MIT engineers craft cheetah robot

The latest creation from engineers at the Massachusetts Institute of Technology (MIT), a New England Council member, is in a league of its own.  The cheetah robot, inspired by the world’s fastest land animal and outfitted with state-of-the-art sensors, is the product of a five-year project funded by the U.S. Department of Defense’s Defense Advanced Research Projects Agency.

The robot is controlled by video game technology, and can run on batteries at speeds of more than 10 mph, jump over a foot high, and continue to gallop for at least 15 minutes— all while using less power than a microwave oven. To construct the robot, the team of MIT engineers used powerful yet lightweight motors, electronics to power each one of those motors, and a specially-crafted algorithm that determines the amount of force a leg should exert during the split second that it spends on the ground while running. Because of the highly unique and advanced nature of the cheetah, however, the team designed each of these parts from scratch. With three motors dedicated to each of its legs, the cheetah is capable of generating powerful forces at a variety of speeds.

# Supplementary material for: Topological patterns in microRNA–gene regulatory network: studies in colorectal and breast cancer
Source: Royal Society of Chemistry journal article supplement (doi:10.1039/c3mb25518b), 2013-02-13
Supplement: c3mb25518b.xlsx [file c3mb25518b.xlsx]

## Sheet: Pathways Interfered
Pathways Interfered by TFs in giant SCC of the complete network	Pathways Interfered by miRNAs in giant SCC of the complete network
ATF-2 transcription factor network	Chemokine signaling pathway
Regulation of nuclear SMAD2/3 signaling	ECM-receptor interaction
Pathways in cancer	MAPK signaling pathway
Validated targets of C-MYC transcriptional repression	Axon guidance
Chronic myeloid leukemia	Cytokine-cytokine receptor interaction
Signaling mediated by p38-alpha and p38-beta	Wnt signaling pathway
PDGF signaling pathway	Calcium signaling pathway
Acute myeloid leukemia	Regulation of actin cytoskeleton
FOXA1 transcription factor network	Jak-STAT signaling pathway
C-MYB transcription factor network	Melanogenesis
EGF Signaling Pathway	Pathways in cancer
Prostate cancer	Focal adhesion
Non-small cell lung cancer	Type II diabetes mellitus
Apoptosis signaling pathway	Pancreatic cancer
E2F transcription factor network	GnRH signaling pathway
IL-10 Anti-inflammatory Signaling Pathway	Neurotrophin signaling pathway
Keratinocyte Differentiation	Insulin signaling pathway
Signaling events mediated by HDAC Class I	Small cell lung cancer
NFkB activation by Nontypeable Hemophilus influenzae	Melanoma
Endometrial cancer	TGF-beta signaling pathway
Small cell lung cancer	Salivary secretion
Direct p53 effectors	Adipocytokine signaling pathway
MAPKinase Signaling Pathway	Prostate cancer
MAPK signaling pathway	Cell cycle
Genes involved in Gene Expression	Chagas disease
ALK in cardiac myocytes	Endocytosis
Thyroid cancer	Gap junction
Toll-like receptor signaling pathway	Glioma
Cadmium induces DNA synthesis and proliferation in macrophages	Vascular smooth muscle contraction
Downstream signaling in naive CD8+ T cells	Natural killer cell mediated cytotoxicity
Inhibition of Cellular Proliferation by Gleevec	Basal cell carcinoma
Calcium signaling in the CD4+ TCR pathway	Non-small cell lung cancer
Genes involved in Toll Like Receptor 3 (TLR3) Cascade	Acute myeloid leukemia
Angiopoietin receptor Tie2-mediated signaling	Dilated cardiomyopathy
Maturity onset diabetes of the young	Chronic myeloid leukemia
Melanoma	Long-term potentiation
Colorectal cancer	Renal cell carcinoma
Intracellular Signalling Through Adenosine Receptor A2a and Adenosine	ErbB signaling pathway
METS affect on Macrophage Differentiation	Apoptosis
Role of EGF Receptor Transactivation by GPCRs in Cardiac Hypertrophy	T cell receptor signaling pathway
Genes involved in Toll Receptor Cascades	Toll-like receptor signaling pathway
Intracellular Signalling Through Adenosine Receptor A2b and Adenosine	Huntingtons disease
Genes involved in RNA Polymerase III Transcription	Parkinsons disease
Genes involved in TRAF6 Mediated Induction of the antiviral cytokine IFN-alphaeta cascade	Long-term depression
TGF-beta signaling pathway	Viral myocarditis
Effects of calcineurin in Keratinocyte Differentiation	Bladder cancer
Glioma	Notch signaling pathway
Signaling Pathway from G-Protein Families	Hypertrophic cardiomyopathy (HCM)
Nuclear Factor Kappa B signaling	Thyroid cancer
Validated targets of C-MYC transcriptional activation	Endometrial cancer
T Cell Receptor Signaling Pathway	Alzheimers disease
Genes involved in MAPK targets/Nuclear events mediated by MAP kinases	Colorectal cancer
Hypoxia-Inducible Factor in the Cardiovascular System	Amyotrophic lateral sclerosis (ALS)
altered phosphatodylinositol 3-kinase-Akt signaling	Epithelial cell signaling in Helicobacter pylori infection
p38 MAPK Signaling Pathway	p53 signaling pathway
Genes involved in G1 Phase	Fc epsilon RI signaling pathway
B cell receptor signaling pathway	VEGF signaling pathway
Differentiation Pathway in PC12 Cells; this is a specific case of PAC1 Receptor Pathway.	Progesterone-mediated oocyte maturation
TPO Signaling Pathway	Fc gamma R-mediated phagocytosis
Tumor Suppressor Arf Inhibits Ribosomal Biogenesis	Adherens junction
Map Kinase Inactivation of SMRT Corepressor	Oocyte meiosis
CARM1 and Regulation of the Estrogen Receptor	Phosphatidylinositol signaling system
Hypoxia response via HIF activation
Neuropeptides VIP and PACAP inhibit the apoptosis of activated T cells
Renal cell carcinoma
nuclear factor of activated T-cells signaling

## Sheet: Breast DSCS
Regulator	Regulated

“This is kind of a Ferrari in the robotics world, like, we have to put all the expensive components and make it really that instinctive,” said MIT professor Sangbae Kim, who leads the school’s Biomimetic Robotics Lab that designed the robot. “That’s the only way to get that speed.”

Despite the already impressive traits of the cheetah, the research team plans to continue to improve it, and hope to make the robot capable of saving a life within the next ten years. The New England Council congratulates MIT and its researchers on developing the innovative cheetah robot, and commends them for staying at the forefront of robotics research in New England and beyond.

Read more in the Boston Globe

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